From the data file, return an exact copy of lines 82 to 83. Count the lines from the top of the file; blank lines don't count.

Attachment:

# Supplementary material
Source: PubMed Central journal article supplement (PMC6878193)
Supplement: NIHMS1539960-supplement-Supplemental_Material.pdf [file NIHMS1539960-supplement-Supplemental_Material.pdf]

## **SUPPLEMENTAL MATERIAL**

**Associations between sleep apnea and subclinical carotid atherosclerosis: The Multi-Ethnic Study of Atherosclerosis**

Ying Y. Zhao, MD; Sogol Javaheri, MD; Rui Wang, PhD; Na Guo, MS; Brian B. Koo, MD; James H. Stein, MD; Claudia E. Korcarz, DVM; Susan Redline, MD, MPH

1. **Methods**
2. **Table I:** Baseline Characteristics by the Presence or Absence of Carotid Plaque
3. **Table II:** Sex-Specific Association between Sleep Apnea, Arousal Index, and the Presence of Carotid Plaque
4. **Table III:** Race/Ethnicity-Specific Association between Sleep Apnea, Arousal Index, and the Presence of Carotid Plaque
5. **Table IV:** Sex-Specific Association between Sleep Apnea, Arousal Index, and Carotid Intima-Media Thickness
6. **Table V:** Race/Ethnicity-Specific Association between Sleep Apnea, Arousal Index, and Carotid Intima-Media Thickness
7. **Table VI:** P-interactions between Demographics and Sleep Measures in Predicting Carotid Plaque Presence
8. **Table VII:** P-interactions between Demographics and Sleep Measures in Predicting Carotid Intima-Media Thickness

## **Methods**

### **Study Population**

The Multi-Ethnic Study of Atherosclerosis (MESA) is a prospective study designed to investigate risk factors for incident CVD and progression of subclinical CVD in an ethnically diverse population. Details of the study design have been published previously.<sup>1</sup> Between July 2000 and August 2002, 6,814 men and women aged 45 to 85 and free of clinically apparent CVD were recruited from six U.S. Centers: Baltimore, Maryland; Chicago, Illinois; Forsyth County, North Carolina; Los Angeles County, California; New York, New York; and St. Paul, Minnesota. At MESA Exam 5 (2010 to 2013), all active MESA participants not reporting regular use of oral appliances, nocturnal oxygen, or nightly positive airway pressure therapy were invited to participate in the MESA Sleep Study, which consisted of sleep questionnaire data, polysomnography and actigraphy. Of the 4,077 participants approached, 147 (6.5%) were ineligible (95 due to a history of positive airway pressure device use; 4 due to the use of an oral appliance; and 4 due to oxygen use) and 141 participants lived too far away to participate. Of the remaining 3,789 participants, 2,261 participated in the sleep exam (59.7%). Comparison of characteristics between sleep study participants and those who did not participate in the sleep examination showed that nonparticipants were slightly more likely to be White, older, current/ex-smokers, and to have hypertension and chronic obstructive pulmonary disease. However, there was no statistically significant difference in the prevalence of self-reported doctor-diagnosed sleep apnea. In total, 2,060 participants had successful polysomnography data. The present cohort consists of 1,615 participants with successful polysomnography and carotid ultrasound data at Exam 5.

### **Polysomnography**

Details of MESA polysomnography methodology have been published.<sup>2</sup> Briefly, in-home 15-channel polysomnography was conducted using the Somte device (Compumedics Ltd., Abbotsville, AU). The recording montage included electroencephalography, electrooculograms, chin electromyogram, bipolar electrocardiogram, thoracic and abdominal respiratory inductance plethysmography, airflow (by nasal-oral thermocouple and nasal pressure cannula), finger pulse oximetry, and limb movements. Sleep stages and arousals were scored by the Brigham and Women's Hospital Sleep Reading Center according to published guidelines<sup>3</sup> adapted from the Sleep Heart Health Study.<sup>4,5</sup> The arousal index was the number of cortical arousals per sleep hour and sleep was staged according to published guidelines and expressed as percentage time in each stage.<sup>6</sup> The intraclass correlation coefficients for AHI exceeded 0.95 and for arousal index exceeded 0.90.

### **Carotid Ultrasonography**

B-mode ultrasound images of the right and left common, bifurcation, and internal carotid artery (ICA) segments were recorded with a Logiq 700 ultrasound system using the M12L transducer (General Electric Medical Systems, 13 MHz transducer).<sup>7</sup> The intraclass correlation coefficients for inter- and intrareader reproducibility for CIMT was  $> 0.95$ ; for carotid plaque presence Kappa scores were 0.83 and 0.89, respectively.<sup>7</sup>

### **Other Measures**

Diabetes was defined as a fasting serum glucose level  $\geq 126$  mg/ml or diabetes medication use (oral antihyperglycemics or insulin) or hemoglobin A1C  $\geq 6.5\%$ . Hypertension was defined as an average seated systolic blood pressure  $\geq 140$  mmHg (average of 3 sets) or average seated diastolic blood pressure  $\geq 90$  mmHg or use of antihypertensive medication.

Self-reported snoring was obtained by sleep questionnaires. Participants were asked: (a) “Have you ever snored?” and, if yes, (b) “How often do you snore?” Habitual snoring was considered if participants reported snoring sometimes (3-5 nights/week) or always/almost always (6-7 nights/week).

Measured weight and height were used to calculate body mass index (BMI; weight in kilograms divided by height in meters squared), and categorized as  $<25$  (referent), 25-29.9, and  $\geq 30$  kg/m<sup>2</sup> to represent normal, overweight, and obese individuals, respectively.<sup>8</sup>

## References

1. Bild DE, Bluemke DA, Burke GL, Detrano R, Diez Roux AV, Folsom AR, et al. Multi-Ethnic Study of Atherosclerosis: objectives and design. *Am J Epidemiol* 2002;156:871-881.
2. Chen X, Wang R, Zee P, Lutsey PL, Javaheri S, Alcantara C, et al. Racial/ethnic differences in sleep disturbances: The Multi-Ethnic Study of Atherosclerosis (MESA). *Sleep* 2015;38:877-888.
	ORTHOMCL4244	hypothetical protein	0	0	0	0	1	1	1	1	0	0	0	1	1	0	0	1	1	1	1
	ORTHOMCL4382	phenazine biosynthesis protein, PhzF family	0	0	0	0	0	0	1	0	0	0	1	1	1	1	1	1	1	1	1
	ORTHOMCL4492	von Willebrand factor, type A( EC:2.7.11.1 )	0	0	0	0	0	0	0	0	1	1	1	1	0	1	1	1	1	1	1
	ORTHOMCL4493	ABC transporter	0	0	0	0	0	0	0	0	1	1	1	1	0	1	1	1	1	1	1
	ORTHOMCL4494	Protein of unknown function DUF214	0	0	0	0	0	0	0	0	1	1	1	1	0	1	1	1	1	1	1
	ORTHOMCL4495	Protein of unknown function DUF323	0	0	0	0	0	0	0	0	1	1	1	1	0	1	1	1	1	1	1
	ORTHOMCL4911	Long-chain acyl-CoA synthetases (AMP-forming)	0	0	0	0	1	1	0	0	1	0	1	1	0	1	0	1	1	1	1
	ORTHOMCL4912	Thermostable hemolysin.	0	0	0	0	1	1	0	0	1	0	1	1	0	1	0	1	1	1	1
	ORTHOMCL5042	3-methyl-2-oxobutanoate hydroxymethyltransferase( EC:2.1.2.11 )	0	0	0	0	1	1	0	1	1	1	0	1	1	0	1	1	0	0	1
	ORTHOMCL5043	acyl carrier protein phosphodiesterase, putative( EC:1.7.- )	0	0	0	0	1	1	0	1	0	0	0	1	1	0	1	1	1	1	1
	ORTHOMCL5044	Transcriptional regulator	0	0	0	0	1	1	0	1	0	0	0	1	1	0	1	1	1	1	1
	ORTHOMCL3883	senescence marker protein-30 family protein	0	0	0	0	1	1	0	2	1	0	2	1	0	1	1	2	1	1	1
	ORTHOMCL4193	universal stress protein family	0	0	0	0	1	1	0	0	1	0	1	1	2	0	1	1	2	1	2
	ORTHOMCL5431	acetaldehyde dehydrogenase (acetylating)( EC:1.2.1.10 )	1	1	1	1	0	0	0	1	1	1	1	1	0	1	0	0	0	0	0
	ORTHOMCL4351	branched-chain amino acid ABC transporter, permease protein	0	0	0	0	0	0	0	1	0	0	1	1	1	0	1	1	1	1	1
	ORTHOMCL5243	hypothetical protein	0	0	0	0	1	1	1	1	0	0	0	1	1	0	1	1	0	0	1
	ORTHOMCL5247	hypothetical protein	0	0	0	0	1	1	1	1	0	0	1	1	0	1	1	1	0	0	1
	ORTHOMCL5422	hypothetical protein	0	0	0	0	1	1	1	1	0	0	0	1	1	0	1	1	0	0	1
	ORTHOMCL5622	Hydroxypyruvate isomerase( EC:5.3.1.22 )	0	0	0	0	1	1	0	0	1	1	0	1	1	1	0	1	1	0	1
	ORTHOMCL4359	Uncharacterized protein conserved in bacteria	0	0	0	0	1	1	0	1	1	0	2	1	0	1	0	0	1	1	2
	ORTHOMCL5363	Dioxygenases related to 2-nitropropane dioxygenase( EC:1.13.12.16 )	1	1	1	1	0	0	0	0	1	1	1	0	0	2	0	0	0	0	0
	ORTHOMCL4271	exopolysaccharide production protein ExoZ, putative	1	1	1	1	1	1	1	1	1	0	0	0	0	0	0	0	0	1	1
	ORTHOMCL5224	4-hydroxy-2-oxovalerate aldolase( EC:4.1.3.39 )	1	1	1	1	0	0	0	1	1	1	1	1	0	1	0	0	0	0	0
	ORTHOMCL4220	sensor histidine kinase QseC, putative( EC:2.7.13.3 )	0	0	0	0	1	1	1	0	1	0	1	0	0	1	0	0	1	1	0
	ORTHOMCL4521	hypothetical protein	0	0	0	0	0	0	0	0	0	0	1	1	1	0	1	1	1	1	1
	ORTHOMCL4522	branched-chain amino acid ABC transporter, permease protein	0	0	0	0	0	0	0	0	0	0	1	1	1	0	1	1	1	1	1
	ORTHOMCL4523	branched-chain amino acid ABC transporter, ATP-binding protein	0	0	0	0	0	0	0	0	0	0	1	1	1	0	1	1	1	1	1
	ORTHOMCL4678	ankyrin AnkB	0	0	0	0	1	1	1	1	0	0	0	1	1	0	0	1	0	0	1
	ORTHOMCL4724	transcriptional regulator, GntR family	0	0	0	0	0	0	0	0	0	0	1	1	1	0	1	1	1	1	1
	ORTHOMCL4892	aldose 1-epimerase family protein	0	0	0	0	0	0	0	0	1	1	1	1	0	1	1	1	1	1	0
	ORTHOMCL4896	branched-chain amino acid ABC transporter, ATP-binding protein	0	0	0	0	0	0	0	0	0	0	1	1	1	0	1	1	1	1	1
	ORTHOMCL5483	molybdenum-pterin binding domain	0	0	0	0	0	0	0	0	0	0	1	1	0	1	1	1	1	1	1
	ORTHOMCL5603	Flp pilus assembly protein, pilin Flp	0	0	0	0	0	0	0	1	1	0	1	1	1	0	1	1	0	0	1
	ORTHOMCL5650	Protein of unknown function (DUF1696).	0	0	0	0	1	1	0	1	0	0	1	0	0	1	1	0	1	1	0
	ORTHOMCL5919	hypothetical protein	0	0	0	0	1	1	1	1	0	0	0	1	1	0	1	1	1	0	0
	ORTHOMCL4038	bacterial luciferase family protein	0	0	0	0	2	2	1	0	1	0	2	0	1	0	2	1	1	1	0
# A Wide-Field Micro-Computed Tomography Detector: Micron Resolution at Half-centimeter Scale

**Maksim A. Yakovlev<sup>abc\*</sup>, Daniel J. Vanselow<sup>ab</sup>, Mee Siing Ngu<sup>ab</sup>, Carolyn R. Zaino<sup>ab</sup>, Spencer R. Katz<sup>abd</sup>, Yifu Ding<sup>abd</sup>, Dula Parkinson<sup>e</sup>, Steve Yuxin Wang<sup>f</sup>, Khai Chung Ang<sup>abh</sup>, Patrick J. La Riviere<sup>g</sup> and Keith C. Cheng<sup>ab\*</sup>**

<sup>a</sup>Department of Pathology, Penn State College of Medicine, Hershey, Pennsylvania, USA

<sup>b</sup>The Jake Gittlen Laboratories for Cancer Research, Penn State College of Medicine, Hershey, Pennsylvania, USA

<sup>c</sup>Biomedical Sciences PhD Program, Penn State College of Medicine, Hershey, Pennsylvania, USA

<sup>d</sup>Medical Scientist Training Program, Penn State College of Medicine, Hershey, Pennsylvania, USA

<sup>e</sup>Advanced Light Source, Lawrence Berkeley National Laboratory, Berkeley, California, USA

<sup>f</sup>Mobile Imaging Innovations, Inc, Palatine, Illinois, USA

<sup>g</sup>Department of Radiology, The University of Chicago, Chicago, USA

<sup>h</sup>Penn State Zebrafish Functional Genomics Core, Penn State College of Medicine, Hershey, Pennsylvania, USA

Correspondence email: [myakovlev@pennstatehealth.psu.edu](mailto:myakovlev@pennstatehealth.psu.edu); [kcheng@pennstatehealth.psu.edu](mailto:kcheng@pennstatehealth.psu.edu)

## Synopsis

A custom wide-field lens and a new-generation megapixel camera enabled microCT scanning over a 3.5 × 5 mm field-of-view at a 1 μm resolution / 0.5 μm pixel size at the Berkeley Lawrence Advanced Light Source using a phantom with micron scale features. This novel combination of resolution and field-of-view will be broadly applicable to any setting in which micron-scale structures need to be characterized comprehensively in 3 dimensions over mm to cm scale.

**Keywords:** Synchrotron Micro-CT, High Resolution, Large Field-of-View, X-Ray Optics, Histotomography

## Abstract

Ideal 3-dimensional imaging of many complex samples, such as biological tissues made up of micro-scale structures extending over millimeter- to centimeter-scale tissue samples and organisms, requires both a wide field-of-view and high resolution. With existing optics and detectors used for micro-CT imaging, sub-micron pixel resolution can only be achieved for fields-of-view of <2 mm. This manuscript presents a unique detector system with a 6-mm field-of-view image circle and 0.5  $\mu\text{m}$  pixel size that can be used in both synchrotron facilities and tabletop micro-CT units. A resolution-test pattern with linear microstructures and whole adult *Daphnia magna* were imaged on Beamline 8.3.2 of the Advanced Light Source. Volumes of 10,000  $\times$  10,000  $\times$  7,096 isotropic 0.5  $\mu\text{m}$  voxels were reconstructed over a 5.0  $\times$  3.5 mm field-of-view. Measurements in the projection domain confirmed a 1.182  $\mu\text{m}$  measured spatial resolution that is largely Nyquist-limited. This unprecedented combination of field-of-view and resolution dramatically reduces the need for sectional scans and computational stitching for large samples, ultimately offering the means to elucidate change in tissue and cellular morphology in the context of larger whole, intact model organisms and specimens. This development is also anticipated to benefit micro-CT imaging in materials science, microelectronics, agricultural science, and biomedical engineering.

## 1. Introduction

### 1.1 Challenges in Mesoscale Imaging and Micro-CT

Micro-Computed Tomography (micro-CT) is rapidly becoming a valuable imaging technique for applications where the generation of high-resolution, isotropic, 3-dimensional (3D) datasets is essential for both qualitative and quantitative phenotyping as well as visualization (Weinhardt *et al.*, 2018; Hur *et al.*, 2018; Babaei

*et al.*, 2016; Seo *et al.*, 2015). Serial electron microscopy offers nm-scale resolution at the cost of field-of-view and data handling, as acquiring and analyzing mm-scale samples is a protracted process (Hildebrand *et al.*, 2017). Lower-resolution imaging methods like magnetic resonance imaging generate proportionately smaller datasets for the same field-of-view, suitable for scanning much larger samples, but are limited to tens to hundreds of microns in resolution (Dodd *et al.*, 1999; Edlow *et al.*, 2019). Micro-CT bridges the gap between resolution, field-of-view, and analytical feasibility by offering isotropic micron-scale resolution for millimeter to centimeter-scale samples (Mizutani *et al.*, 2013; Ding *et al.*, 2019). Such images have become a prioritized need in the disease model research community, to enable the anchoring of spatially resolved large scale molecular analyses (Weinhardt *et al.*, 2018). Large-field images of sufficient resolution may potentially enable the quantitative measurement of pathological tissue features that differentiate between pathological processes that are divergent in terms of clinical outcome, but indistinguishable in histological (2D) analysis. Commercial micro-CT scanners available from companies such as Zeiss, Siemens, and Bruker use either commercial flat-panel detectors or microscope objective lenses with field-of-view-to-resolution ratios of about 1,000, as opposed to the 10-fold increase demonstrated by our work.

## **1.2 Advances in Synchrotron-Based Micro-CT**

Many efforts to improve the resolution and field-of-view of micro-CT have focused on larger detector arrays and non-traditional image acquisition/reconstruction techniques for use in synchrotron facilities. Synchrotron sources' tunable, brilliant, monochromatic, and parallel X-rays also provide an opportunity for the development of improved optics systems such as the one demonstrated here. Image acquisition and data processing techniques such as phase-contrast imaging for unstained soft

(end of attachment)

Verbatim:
### 1.1 Challenges in Mesoscale Imaging and Micro-CT

Micro-Computed Tomography (micro-CT) is rapidly becoming a valuable imaging technique for applications where the generation of high-resolution, isotropic, 3-dimensional (3D) datasets is essential for both qualitative and quantitative phenotyping as well as visualization (Weinhardt *et al.*, 2018; Hur *et al.*, 2018; Babaei